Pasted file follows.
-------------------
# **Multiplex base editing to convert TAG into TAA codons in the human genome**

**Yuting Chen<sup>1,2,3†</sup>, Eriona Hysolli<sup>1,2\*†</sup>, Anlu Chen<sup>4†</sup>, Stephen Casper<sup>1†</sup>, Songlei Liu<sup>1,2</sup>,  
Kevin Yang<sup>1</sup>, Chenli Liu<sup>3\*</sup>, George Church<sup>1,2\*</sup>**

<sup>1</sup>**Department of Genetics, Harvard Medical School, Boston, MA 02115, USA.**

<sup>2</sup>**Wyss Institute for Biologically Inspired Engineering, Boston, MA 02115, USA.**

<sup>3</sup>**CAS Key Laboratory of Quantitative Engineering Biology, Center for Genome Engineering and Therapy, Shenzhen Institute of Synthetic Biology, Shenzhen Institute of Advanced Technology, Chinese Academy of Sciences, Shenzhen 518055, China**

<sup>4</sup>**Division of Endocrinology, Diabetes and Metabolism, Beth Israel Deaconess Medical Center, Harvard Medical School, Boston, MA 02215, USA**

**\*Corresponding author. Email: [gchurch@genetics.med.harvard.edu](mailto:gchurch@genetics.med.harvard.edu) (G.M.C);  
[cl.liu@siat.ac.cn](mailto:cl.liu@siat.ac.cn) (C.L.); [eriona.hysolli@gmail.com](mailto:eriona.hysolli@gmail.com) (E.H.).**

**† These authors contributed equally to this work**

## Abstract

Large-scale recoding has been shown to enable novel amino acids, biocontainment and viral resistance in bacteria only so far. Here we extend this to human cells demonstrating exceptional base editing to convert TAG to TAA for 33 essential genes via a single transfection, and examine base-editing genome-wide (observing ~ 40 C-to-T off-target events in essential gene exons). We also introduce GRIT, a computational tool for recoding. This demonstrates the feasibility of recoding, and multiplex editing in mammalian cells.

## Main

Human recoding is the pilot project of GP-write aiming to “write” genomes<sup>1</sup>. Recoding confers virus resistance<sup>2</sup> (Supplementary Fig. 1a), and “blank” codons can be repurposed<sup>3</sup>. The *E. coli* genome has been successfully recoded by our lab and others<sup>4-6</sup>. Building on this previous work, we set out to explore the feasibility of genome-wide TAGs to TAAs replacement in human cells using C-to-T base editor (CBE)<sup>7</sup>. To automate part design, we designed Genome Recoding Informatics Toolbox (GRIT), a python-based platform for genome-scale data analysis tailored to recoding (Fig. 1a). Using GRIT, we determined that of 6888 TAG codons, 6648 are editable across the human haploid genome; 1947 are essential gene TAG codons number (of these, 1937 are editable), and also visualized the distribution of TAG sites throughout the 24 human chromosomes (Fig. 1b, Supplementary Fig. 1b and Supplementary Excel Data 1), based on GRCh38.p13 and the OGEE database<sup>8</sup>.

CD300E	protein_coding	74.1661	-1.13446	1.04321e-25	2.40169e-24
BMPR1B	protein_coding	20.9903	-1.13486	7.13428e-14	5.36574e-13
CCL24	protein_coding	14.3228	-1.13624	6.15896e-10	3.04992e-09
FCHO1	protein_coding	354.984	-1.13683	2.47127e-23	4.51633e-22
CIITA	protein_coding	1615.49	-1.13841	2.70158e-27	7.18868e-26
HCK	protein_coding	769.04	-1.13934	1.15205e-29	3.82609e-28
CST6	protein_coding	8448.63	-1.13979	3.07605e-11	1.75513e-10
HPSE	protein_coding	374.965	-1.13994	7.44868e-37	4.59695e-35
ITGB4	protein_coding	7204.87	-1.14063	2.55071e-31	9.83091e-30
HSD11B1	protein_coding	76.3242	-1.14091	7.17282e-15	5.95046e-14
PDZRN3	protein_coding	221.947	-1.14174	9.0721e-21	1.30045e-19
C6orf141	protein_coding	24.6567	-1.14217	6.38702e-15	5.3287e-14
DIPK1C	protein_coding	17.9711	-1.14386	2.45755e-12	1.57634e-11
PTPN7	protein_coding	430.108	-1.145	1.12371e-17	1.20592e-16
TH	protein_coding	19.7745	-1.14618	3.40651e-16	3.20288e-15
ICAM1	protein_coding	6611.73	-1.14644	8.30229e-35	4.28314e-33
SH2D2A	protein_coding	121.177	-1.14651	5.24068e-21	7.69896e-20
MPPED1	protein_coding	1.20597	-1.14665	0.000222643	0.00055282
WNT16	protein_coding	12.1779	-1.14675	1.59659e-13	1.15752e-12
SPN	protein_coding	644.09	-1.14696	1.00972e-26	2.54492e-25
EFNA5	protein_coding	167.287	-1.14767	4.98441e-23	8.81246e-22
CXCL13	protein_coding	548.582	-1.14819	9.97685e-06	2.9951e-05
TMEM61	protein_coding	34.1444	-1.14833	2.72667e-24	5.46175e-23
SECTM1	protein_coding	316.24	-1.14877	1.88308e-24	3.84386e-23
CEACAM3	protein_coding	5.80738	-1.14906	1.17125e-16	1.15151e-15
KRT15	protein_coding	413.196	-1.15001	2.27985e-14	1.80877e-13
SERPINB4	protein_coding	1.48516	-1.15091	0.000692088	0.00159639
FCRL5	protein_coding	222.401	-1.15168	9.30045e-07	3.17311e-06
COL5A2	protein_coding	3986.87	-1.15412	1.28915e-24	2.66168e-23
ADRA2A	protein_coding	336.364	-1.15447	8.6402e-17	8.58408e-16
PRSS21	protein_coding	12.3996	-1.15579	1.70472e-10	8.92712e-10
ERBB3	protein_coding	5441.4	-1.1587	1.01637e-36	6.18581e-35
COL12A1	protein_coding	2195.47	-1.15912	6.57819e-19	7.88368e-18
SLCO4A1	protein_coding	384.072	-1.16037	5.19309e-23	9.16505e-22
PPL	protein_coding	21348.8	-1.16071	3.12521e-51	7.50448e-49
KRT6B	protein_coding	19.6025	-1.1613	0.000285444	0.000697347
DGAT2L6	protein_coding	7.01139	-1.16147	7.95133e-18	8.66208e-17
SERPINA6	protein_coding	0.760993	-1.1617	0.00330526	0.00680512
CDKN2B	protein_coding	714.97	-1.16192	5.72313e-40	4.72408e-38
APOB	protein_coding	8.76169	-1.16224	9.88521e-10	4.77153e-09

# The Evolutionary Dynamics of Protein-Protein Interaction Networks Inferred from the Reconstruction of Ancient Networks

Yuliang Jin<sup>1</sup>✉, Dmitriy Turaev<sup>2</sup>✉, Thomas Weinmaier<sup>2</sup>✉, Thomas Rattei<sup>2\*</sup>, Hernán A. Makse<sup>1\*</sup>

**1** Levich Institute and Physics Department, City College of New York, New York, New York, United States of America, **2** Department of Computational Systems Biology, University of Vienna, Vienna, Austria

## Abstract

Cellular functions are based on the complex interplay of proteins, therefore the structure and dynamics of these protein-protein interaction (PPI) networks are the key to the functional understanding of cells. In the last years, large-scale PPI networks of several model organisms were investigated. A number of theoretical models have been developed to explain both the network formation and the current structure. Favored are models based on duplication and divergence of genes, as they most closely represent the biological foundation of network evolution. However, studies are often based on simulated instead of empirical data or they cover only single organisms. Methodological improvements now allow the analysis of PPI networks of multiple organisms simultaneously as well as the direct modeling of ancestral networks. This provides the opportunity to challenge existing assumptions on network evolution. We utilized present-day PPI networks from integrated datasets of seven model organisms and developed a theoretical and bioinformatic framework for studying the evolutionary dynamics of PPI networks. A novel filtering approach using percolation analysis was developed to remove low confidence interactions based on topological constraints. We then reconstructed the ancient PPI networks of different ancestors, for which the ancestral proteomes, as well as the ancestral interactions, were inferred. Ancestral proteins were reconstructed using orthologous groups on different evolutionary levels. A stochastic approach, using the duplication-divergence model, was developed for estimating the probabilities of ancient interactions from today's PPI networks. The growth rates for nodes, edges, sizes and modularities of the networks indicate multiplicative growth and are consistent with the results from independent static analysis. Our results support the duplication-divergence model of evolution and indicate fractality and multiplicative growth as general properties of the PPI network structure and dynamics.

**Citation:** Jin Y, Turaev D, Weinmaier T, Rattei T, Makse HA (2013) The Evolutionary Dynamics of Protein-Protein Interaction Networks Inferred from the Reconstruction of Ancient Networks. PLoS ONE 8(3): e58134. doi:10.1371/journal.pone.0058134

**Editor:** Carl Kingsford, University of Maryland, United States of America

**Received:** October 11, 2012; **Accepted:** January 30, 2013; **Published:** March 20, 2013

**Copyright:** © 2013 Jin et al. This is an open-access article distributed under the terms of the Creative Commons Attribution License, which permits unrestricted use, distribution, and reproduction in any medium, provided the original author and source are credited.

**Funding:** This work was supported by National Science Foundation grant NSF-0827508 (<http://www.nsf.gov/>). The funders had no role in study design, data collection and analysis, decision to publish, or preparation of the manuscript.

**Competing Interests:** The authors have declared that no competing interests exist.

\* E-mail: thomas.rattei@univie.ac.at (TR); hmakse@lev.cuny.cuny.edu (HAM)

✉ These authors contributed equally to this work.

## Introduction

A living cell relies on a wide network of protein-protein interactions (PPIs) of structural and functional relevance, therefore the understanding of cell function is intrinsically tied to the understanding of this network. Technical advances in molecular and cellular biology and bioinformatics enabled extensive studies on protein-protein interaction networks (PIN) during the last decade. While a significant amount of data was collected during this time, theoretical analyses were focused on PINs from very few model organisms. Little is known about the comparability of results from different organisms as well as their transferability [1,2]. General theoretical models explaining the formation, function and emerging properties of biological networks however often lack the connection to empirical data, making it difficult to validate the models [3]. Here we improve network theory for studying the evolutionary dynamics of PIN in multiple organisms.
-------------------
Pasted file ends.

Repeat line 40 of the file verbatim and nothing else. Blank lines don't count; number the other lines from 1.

KRT15	protein_coding	413.196	-1.15001	2.27985e-14	1.80877e-13